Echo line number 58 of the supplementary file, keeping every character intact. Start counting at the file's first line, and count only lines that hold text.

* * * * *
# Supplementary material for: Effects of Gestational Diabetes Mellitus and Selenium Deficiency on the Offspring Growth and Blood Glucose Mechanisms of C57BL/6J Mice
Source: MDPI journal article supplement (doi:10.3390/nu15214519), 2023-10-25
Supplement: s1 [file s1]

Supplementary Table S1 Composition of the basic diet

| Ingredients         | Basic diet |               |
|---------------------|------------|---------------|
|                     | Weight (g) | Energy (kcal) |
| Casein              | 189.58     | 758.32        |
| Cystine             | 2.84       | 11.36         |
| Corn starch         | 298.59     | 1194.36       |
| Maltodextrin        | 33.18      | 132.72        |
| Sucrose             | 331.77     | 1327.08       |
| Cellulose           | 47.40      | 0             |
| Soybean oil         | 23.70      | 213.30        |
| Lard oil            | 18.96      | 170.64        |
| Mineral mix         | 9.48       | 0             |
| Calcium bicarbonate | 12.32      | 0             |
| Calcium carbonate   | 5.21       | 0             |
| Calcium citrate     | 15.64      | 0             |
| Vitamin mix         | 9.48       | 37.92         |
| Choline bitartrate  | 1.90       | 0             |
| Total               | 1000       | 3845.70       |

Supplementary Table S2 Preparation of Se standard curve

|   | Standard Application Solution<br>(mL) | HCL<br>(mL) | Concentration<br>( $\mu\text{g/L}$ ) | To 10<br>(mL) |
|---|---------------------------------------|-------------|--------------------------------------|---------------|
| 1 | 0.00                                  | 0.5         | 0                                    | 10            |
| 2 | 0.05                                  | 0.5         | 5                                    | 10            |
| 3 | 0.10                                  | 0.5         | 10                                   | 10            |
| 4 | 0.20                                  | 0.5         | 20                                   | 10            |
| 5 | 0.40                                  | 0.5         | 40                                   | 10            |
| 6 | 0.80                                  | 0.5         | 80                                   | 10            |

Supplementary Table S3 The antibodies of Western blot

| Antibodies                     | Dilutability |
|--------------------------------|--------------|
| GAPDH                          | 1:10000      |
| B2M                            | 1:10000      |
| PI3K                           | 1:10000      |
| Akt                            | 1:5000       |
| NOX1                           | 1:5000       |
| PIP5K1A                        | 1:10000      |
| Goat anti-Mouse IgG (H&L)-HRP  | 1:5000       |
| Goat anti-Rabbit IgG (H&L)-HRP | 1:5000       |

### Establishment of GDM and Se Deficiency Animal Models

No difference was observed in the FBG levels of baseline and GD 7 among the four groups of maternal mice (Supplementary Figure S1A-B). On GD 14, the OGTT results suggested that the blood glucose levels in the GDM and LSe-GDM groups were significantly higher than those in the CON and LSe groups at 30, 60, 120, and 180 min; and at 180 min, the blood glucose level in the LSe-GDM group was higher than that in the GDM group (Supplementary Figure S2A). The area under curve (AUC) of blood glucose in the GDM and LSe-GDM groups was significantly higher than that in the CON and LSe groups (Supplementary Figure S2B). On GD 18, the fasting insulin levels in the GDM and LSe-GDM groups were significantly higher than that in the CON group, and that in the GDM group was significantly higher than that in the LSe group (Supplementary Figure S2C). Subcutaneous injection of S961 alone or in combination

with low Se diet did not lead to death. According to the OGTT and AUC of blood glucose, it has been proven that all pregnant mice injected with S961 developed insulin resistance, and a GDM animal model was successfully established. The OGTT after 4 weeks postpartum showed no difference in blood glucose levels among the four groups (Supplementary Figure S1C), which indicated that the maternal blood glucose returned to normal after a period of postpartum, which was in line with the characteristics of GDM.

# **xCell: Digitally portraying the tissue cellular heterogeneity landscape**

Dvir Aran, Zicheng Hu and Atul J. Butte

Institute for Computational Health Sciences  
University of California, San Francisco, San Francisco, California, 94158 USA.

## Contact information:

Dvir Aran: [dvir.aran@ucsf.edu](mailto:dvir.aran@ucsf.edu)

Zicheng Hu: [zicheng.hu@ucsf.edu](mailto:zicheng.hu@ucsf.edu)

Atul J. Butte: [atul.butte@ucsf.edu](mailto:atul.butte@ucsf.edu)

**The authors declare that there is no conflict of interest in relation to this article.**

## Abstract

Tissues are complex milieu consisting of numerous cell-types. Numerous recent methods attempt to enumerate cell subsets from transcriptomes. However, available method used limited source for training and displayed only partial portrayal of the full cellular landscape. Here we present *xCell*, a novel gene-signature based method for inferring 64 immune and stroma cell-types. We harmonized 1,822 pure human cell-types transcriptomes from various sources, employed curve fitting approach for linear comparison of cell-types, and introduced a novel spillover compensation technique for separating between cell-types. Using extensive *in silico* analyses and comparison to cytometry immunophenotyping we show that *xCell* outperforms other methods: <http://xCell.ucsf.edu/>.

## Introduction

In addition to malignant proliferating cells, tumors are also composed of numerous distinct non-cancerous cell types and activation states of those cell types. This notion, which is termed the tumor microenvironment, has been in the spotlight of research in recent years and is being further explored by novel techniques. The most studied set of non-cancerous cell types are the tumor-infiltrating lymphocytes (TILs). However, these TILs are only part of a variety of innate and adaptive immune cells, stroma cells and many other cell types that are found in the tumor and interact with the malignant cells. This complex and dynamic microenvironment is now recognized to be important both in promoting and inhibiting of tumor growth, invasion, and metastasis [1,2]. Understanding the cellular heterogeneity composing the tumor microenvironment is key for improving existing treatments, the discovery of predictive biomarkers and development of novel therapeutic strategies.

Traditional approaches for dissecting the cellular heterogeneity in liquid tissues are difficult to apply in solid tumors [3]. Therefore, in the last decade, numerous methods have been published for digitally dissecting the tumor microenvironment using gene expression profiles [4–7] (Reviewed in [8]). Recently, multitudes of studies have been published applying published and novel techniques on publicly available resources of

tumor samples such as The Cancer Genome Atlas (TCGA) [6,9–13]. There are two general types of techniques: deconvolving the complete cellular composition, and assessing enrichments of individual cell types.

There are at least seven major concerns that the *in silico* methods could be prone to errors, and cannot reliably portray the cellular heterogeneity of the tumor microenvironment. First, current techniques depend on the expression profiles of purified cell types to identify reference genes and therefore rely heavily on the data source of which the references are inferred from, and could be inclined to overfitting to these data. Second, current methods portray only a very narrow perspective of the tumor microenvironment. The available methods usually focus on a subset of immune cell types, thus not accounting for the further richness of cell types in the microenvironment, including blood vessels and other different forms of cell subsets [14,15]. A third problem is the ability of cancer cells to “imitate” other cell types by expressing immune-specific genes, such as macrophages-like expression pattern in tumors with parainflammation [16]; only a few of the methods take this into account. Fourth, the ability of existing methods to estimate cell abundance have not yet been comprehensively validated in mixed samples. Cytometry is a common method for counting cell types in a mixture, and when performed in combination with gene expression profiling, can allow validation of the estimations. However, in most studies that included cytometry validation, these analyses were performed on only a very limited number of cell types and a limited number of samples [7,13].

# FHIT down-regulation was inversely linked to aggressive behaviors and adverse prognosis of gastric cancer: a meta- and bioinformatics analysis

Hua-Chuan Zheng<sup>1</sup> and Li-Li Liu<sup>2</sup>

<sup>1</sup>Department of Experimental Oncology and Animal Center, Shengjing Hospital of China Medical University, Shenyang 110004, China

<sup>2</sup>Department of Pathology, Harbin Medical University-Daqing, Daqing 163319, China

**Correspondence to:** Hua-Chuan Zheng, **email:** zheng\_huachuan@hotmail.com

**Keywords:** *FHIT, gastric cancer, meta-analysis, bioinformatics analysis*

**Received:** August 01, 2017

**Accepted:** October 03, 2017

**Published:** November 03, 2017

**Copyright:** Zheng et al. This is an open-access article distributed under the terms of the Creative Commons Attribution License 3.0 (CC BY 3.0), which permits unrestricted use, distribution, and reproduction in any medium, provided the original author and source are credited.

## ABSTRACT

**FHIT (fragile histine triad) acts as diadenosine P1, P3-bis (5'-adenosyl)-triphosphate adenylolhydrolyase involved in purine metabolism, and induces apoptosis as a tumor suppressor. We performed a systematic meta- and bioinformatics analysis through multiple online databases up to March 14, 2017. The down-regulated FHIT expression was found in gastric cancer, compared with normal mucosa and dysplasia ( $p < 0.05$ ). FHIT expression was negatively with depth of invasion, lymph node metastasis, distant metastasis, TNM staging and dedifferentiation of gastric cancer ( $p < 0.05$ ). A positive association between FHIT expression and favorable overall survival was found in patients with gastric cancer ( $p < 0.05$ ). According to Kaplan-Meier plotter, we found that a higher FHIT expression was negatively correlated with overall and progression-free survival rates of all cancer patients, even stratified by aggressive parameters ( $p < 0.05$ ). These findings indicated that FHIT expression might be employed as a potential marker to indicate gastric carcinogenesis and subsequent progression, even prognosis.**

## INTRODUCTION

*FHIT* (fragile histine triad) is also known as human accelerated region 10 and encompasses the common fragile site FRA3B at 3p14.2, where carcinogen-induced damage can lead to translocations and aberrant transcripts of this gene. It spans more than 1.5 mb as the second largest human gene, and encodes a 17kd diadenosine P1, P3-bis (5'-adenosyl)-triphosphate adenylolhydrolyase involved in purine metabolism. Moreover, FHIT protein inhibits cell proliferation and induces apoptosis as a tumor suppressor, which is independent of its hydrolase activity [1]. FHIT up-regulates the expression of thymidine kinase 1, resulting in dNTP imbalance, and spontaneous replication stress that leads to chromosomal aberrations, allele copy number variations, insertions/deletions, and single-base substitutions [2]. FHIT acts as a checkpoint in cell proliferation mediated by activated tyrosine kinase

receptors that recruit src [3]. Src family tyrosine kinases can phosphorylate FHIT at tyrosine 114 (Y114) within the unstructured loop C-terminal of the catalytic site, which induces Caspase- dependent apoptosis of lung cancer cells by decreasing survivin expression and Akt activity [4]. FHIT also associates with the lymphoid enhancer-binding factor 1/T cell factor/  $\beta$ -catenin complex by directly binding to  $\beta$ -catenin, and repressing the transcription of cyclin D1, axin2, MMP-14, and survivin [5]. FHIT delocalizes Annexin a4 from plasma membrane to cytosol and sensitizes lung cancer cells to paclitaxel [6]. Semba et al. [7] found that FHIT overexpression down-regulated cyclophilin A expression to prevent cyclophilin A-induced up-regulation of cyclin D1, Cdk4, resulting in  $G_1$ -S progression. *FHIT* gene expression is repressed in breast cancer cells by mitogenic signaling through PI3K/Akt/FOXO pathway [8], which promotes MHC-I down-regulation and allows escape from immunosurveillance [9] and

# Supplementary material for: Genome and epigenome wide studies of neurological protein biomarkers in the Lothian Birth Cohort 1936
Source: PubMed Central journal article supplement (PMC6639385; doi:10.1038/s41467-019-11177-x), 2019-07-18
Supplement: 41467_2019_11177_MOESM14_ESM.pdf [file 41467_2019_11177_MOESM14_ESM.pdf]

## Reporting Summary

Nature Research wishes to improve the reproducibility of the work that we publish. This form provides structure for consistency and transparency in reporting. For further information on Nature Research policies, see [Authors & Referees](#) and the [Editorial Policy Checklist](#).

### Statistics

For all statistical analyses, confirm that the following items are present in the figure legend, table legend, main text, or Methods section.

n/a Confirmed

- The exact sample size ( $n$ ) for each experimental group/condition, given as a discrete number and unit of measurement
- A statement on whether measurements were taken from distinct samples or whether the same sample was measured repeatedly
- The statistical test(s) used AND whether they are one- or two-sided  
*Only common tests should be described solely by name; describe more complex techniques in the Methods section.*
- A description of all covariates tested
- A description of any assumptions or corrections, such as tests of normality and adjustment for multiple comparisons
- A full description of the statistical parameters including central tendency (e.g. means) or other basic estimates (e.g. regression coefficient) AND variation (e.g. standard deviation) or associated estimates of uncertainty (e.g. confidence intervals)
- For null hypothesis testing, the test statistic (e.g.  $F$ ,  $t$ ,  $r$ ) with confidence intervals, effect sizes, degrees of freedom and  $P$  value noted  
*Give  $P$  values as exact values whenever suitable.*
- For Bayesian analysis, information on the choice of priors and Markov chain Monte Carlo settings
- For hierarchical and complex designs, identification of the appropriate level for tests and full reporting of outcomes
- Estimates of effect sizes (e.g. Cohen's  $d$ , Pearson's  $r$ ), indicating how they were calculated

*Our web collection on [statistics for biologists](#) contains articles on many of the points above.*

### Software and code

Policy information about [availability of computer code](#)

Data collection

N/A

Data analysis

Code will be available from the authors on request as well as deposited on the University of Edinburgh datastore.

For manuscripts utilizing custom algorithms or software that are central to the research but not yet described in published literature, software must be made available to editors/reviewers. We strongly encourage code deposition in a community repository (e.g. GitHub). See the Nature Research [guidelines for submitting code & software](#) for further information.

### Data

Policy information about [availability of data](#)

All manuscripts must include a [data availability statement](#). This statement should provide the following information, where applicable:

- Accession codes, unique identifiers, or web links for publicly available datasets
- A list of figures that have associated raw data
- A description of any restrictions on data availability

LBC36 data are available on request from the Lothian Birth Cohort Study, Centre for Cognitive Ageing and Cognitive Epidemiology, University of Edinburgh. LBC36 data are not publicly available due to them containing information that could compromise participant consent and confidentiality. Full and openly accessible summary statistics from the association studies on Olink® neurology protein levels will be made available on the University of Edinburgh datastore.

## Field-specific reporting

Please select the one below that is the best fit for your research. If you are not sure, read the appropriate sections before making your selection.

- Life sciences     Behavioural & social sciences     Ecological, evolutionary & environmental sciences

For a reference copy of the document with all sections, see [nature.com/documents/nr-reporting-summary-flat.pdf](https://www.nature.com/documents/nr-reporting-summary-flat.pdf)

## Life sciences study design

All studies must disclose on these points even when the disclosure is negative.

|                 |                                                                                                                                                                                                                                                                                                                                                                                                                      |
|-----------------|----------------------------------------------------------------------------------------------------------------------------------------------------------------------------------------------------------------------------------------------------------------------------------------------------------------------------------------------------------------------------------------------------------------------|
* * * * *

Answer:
In addition to malignant proliferating cells, tumors are also composed of numerous distinct non-cancerous cell types and activation states of those cell types. This notion, which is termed the tumor microenvironment, has been in the spotlight of research in recent years and is being further explored by novel techniques. The most studied set of non-cancerous cell types are the tumor-infiltrating lymphocytes (TILs). However, these TILs are only part of a variety of innate and adaptive immune cells, stroma cells and many other cell types that are found in the tumor and interact with the malignant cells. This complex and dynamic microenvironment is now recognized to be important both in promoting and inhibiting of tumor growth, invasion, and metastasis [1,2]. Understanding the cellular heterogeneity composing the tumor microenvironment is key for improving existing treatments, the discovery of predictive biomarkers and development of novel therapeutic strategies.